• 2. SURAKSHA AGRAWAL206 predict GvHD and transplant outcome as comparedtoothermethodslikemixedlymphocyte culture assay etc. HLA-A, B, and C locus antigens are determined by a complement-dependent lymphocytotoxicity assay with a minimum of 144 to 216 different HLA alloantisera and monoclonal antibodies. These reagents, collectively, can identify over 60 different HLA antigens. HLA- DR alloantigens are defined using DNA-based procedures.Currently,morethan200HLA-DRB1 alleles or groups of alleles can be identified. For molecular typing genomic DNA is first isolated and then amplified by the polymerase chain reaction (PCR) using several pairs of oligonucleotide primers. It is highly desirable to evaluate all first degree blood relatives of the patient’s family, including parents, at the same time so that direct comparisons of the data can be performed. It is absolutely essential to identify the racial background of the family and the relationship of each member in relation to the patient. With this information, HLA genotyping results (with HLA haplotype assignments) can be provided to the clinician, together with a narrative interpretation of the extent of HLA compatibility. The immune response against HLA molecules can cause two types of problems after a bone marrow transplant. When the immune system of the recipient responds against HLA molecules of the donor, rejection can occur. When this happens, the normal marrow from the donor is destroyed. Recent studies have shown that HLA-A, HLA-B, and HLA-C molecules of the donor are more likely to cause rejection than HLA-DR or HLA-DQ molecules. When immune cells of the donor respond against HLA molecules of the recipient, graft-versus-host disease (GvHD) can occur. When this happens, the skin, liver, stomach and intestines of the recipient are injured. Recent studies have shown that HLA-DR and HLA-DQ molecules of the recipient are more likely to cause GvHD that of HLA-A,HLA-B,andHLA-Cmolecules.Therole of HLA-DP molecules in marrow transplantation is not yet known. The best way to prevent rejection and GVHD is to ensure that the donor and recipient have the same types of HLA molecules. Because there are so many different kind of HLA molecules, and because each kind of HLA molecule can have many different types, the chance that any two unrelated people will have the same combination of HLA types is very low. This problem is being solved by establishing registries containing large numbers of volunteers who have had HLA typing by blood tests and who have agreed to be available as a marrow donor if they have the same type of HLA molecules as someone who needs a transplant. A patient’s chance of finding a donor who has the same combination of HLA types is greatly increased by having a large number of people in the registry. Even with registries containing millions of donors, however, some patients are not able to find a donor who is perfectly matched for all HLA molecules. In this situation, transplantation must be done with a donor whose HLA molecules are not all the same as those of the recipient, even though this increases the chance of rejection or GvHD after the transplantation. SOURCES OF STEM CELLS Majority of stem cell transplantations in thalassemias were performed by using HLA- compatible sibling donor bone marrow. In recent years, the source of stem cells have been extended to include peripheral blood stem cell (PBSC) and cord blood stem cells (CBSC) for transplantation. Since the first successful transplantation of CBSC in a patient with Fanconi’s anemia (Gluckman et al. 1989), more than 600 cord bloods have been used as a source of hemotopoietic stem cells for transplantation to treat a variety of malignant and nonmalignant hematologic disorders. (Gluckman et al. 1989; Gluckman et al. 1997; Rubinstein et al. 1998; Kelly et al. 1997). PROGNOSTIC FACTORS FOR OUTCOME AFTER BMT The risk of BMT using an HLA-identical sibling donor could be predicted according to the presence or absence of only three criteria: hepatomegaly, evidence of portal fibrosis in the liver on biopsy, and inadequate iron chelation therapy (Lucarelli et al. 1990). Patients with none of these risk factors can be categorized as class I, with one or two of these risk factors as class II, and with all the three risk factors as class III. When such type of analysis was performed in a large series of patients it was seen that disease- free survival was 94%, 77% and 53% in class I, II and III, respectively (Lucarelli et al. 1990).
  • 3. 207STEM CELL TRANSPLANTATION IN THALASSEMIA CONDITIONING REGIMENS Most BMT centers use a combination of busulfan and cyclophosphamide for the conditioning regimen, with cyclosporine +/- short course methotrexate as graft-versus host disease (GVHD) prophylaxis. The most widely used regimen is a total dose of 14 mg/kg of cyclophosphsmide over the next 4 days (Lucarelli etal.1990;Galimberti etal.1997).Thisregimenis the most appropriate for patients with class I and II disease. For those higher risk patients in class III (particularly for patients >17 years), a lower dose of cylocphosphamide (120 – 160 mg/kg) is recommended in order to reduce transplant related mortality (Lucarelli et al. 1996), although this is likely to be at the expense of an increased chance of graft rejection. On the other hand, to overcome the risk of graft rejection in poor-risk class III patients, some centers use either 16 mg/ kgor600mg/m2ofbusulfanespeciallyinchildren with markedly expanded abnormal erythropoiesis (Lucarelli et al. 1996; Issargrisil et al. 1997). The addition of antilymphocyte globulin (ALG) / antithymocyte globulin (ATG) or Campath to the pre-BMT preparative regimen effectively have reduced the rate of graft rejection in many trials (Galimbertietal.1997;Krishnamorrthy etal.1999; Souillet et al. 1995; Roberts et al. 1995). LONG-TERM CONSEQUENCES For thalassemic patients who have undergone BMT and acquired normal hematologic status post transplant, the term “exthalassemic after transplant” has been proposed by Lucarelli (Lucarelli et al. 1996). The long-term consequences in these ex-thalassemics include both the complications associated with the underlying disease and those that arise from the allogeneic stem cell transplantation. Virtually all “ex-thalassemic” patients have moderate- severe iron overload (Li et al. 1997). In order to prevent progressive cardiac and hepatic damages in patients who maintain high levels of iron overload, it is now recommended that these “exthalassemic” patients should have their total iron burden reduced towards normal levels by regular venesection or desferrioxamine administration. The effect of BMT on growth and development in “ex-thalassemics”, particularly on fertility, is still not clear. Thalassemic children transplanted early in the history of their disease (<8 years) regain a normal growth rate after BMT, while older children and children in class III, especially those who developed chronic GvHD, often have severely impaired growth (Lucarelli et al. 1990). There are evidences that gonadal function of some patients who have undergone BMT for thalassemia is impaired, but it is not clear how much of this effect is a result of previous iron overload or a consequence of the preparatory regimen (Giardini et al 1995). Indeed, successful pregnancy following BMT for thalassemic, as well as following BMT got other hematological disorders using busulfan/ cylophosphamide conditioning, has been reported, and no increase in congenital anomalies of the resultant offspring has yet been seen (De Sanctis et al. 1991; Borgna-Pignatti et al. 1996). CONCLUSION The beneficial results of stem cell transplantation from HLA identical family members for patients with severe thalassemia are clear. Class I patients have a very high probability of cure with a very low early and late morbidity and mortality. Delay of transplantation until the patient is in a risk category beyond class I substantially reduces the probability of transplant success and jeopardizes the reversibility of liver and cardiac damage. It is reasonable to suggest that patients with β-thalassemia who have HLA- identical donors should be transplanted as soon as possible. Umbilical cord blood (UCB) has been shown to be capable of reconstituting the bone marrow of the patient with thalassemia after myeloablated pre-conditioning treatment. The major advantage of UCB over other sources of stem cells is the ability to cross HLA barriers, and there is evidence of less GVHD. The use of related –donor UCB stem cells with HLA mismatches at one to three antigens needs to be considered. It would be worth while to do a prospective study to evaluate the role of UCB stem cell transplantation in the treatment of the thalassemias and hemoglobinopathies. REFERENCES Borgna-Pignatti C, Marradi P, Rugolotto S, et al. 1996. uccessful pregnancy after bone marrow transplant- ation for thalassemia. Bone Marrow Transplant, 18: 235-6. De Sanctis V, Galimberti M, Lucarelli G, et al. 1991. Gonadal function after allogeneic bone marrow transplantation for thalassemia. Arch Dis Child,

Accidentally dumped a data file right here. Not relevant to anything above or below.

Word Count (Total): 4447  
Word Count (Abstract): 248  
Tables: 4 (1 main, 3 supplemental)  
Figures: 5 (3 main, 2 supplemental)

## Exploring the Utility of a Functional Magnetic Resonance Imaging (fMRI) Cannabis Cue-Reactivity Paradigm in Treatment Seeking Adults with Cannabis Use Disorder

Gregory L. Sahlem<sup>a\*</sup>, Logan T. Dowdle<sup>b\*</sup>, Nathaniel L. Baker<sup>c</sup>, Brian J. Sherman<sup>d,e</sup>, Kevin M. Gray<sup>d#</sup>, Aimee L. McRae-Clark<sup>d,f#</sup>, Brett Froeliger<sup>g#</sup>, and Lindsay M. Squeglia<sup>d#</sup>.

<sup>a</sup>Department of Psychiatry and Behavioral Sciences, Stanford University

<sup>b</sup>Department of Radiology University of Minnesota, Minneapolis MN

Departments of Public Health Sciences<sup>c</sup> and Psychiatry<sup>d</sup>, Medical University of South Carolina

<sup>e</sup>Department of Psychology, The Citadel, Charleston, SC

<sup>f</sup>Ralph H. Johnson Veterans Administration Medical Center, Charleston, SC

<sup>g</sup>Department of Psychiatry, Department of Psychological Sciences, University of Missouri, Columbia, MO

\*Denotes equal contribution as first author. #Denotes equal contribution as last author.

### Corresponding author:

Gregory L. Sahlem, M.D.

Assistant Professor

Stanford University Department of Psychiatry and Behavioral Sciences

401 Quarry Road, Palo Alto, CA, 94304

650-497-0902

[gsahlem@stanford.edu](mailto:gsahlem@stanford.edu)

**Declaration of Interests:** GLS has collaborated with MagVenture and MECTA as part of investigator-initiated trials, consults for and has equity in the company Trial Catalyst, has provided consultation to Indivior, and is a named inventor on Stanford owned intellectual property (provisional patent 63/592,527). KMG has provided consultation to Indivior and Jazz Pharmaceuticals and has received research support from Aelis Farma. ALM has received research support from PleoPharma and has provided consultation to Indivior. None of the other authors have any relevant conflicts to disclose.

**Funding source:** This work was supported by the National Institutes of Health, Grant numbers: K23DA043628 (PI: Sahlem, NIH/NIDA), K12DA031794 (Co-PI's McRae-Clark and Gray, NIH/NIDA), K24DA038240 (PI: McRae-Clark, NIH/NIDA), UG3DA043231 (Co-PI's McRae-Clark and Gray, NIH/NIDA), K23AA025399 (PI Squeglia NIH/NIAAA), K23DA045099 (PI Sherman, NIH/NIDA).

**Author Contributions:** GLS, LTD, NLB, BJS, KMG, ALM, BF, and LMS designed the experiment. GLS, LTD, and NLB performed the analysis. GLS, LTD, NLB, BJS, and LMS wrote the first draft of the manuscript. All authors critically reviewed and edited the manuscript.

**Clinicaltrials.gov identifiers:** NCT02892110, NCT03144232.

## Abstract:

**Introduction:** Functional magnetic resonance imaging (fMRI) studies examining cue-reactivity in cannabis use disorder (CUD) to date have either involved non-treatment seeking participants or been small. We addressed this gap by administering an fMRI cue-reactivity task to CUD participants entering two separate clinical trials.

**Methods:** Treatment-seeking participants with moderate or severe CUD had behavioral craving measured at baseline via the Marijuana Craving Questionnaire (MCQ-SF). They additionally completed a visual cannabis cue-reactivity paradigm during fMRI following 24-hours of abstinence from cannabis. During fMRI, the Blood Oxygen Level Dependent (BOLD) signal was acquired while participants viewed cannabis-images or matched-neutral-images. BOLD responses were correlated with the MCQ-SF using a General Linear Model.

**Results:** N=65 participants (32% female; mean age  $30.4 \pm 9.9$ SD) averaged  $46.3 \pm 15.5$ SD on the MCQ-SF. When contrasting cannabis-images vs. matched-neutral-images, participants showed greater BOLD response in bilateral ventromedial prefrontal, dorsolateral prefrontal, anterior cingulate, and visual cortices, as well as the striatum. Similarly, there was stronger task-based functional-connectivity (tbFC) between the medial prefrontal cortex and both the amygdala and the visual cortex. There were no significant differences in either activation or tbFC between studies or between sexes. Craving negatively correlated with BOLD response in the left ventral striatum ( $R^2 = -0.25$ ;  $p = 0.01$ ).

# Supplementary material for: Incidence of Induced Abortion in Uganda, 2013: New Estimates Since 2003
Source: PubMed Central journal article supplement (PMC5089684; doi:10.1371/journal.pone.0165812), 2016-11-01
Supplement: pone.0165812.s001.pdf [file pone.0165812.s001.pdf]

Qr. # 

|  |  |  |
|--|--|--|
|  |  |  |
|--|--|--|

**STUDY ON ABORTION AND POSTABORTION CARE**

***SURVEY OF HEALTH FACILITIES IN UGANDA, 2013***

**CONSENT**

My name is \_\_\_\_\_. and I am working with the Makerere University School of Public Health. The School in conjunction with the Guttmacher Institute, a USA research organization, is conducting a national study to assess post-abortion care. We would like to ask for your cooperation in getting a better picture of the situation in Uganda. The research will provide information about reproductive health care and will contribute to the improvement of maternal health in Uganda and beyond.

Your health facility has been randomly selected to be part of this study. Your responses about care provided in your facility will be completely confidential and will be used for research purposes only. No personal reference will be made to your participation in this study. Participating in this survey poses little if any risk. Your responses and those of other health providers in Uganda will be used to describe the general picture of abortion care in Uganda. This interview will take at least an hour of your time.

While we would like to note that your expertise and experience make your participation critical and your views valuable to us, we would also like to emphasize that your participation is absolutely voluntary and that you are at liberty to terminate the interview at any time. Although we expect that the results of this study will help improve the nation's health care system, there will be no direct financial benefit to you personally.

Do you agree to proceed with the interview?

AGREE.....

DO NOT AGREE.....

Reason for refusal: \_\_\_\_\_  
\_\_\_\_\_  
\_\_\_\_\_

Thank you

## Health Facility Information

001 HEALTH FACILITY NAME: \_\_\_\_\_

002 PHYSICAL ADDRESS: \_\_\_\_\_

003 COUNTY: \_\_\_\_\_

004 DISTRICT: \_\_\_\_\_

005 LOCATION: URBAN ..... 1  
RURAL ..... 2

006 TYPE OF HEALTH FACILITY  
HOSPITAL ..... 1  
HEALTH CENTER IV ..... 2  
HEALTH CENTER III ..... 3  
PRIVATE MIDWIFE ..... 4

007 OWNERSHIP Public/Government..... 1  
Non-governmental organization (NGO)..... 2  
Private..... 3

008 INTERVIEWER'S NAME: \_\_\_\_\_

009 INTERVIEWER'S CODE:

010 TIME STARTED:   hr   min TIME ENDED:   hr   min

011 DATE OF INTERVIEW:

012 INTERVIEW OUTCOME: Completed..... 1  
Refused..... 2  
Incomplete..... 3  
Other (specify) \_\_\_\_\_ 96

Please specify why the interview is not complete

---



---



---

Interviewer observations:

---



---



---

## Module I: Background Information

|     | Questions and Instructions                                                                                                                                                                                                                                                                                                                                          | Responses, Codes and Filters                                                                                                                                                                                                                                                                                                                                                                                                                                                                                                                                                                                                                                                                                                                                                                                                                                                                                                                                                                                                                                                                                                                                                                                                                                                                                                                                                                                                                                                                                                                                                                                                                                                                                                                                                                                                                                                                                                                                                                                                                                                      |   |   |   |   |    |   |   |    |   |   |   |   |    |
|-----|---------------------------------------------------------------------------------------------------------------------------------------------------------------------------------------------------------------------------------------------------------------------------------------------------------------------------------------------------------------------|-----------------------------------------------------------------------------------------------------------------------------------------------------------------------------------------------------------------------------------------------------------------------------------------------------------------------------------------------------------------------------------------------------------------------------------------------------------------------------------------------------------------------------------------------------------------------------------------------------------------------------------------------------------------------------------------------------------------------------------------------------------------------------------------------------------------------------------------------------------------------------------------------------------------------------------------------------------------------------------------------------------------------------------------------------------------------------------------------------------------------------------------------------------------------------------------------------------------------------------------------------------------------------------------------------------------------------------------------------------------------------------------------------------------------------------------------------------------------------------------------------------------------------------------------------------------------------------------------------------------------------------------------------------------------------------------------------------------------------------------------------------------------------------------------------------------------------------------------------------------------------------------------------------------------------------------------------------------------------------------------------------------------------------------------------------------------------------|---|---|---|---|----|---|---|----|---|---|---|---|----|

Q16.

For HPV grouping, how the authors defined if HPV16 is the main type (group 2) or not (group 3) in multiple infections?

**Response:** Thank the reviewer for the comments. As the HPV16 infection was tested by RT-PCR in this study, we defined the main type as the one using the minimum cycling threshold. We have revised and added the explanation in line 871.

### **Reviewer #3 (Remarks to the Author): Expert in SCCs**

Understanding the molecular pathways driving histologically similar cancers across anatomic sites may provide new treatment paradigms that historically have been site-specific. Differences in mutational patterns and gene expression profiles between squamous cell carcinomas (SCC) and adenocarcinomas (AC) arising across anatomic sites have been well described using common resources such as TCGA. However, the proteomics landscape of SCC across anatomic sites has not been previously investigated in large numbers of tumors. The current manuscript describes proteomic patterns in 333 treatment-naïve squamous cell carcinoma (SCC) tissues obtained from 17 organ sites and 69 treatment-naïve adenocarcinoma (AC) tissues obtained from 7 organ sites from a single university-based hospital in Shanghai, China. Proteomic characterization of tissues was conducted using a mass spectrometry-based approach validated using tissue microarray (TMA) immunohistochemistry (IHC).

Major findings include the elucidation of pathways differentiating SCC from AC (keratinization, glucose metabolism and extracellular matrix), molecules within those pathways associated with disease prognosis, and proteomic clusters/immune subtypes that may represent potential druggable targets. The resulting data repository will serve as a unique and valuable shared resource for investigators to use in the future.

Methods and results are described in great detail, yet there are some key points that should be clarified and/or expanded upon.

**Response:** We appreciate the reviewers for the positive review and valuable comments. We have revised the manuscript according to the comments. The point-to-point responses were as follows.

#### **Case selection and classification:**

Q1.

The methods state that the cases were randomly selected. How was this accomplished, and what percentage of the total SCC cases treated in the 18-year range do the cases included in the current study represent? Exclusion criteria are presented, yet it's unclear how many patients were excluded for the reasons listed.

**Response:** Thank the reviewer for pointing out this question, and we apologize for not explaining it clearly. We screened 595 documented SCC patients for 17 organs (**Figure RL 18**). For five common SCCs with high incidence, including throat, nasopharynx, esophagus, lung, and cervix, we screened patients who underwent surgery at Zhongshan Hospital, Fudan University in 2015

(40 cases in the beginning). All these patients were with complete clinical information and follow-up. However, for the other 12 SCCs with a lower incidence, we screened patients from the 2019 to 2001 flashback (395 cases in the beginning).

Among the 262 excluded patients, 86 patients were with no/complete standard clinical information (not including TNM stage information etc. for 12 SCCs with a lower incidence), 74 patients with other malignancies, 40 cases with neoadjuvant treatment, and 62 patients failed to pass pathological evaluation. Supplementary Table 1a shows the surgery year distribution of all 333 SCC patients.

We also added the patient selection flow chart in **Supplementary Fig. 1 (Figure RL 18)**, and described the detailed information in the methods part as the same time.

• 4. SURAKSHA AGRAWAL208 66: 517-20. Galimberti M, Angelucci E, Baronciani D, et al. 1997. Bone marrow transplantation, in thalassemia: the Pesaro experience. Bone Marrow Transplant, 19 (Suppl. 2): 45-7. Giardini C,Galimberti M, Lucarelli G, et al. 1995. Desferrioxamine therapy accelerates clearance of iron deposits after bone marrow transplantation for thalassemia. Brit J Haematol, 89: 868-73. Gluckman E, Broxmeyer HE, Auerbach AD et al. 1989. Hematopoietic reconstitution in a patient with Fanconi’s anemia by means of umbilical cord blood from an HLA-identical sibling. N Engl J Med, 321: 1174-8. Gluckman E, Rocha V, Boyer-Chammard A, et al. 1997. Outcomes of cord-blood transplantation from related and unrelated donors. N Engl J Med, 337: 373-81. Issargrisil S, Suvatte V, Visudhisakchai S, et al. 1997. Bone Marrow and cord blood stem cell transplantation for thalassemia in Thailand. Bone Marrow Transplant, 19 (Suppl. 2): 54-6. Kelly P, Kurtzberg J, Vichinsky E, et al. 1997. Umbilical cord blood stem cells. Application for the treatment of patients with hemoglobinopathies. J Pediatr, 130: 695-703. Krishnamorrthy R, Poonkuzhali B, Srivastava A, et al. 1999. Pharmacogenetics of busulfan in bone marrow transplantation. Proc of 7th International Confe- rence on Thalassemia and the Hemoglobinopathies, 31 May-4June, Bangkok, Thailand; p 205. Li CK, Yuen PMP, Shing MK, et al. 1997. Stem cell transplant for thalassemia patients in Hong Kong. Bone Marrow Transplant, 19 (Suppl. 2): 62-4. Lucarelli G, Clift RA, Galimberti M, et al. 1996. Marrow transplantation for patients with thalassemia: Results in class 3 patients. Blood, 87: 2082-8. Lucarelli G, Galimberti M, Polchi P, et al. 1990. Bone marrow transplantation in patients with thalassemia. N Eng J Med, 322: 417-21. Roberts IAG, Dokall Wonke B, et al. 1995. BMT for children with beta-thalassemia major. Blood, 86 (Suppl. 1): 483a. Rubinstein P, Carrier C, Scaradavou A, et al. 1998. Outcomes among 562 recipients of placental-blood transplants from unrelated donors. N Eng J Med, 339: 1565-77. Souillet G, Bernaudin R, Michel G, et al. 1995. BMT in sickle cell disease (SCD). ATG adjunction in the conditioning regimen prevents rejection and partial chimerism (French experience). Bone Marrow Transplant,15 (Suppl 2): S83. Third International Symposium on BMT in Thala- ssemia 1997. Bone Marrow Transplant, 19 (Suppl. 2).